Now about the cookies that are not secure for the regular pages, this needs some more thinking what you left your user do and what not, how you trust him, what extra check you can do (for example if you see a change on the ip, maybe stop trust him until relogin from security page).

Can some hacker steal the cookie from a user and login with that name on a web site?

How to check from where attacks come and not give back informations. I wrote here a simple way to prevent the padding is invalid and logging at the same time to track down attackers: CryptographicException: Padding is invalid and cannot be removed and Validation of viewstate MAC failed

The way to track the attacker is to check the padding is invalid. With a simple procedure you can track them down and block them - they need some thousands of call on your page to find the key !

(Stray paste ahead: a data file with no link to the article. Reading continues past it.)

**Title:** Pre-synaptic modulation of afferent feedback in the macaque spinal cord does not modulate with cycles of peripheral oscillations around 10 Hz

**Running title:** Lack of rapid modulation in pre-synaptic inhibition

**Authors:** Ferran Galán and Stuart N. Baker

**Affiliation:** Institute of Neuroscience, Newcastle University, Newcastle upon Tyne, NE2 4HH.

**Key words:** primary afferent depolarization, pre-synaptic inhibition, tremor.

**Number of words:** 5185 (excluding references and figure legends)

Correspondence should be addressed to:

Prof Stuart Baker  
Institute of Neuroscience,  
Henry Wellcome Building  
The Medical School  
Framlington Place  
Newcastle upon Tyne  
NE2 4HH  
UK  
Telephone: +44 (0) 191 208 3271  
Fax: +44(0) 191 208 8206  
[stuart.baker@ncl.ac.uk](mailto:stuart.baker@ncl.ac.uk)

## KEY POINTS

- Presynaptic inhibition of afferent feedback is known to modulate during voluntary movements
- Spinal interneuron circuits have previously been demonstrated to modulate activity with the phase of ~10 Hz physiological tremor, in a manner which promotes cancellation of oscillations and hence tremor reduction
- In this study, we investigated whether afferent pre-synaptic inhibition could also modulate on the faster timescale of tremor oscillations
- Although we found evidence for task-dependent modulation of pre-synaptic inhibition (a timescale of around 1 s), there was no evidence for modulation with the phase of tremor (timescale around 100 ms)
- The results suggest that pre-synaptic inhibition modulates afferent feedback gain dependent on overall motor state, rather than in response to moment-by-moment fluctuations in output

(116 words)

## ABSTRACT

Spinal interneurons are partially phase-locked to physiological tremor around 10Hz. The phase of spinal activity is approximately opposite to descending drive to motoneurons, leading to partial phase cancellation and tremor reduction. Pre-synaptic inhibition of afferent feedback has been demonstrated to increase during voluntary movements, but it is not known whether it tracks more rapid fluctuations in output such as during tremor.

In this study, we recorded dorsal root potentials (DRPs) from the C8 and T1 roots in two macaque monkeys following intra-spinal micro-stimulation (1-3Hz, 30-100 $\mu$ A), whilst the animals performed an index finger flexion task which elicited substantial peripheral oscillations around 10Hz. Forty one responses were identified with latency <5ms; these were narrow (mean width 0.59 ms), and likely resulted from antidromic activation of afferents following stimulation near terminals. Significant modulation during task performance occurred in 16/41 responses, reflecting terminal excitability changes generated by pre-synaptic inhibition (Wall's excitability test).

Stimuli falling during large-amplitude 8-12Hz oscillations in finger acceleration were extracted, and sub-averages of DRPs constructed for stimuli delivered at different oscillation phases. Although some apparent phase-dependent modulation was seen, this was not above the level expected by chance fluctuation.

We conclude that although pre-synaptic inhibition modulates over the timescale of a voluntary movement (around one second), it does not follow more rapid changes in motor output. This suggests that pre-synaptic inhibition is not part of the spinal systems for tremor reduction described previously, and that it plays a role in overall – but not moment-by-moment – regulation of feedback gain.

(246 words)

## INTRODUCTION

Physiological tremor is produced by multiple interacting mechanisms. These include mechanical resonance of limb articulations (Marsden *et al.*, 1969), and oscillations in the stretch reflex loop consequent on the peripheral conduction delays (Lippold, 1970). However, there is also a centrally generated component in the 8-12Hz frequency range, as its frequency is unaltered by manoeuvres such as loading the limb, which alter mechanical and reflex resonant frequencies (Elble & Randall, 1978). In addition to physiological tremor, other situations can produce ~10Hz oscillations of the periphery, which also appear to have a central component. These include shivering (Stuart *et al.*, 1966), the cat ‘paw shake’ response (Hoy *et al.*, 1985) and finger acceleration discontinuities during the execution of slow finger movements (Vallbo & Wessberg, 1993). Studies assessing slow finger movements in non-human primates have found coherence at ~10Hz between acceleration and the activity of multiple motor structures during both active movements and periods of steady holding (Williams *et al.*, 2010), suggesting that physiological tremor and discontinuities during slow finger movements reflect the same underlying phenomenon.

Update 1.

I have download the tool that suppose that's find the KEY and decrypt the data, and as I say its trap on the above code that's check the viewstate. From my tests this tool have many more to fix, for example can not scan compressed view state as it is and its crash on my tests.

If some one try to use this tool or this method the above code can track them down and you can block them out of your page with simple code like this one "Prevent Denial Of Service (DOS)", or like this code for preventing Denial of service.

Update 2

Its seems from what I read until now that the only think that is really need it to not give information back about the error, and just place a custom error page and if you like you can just create and a random delay to this page.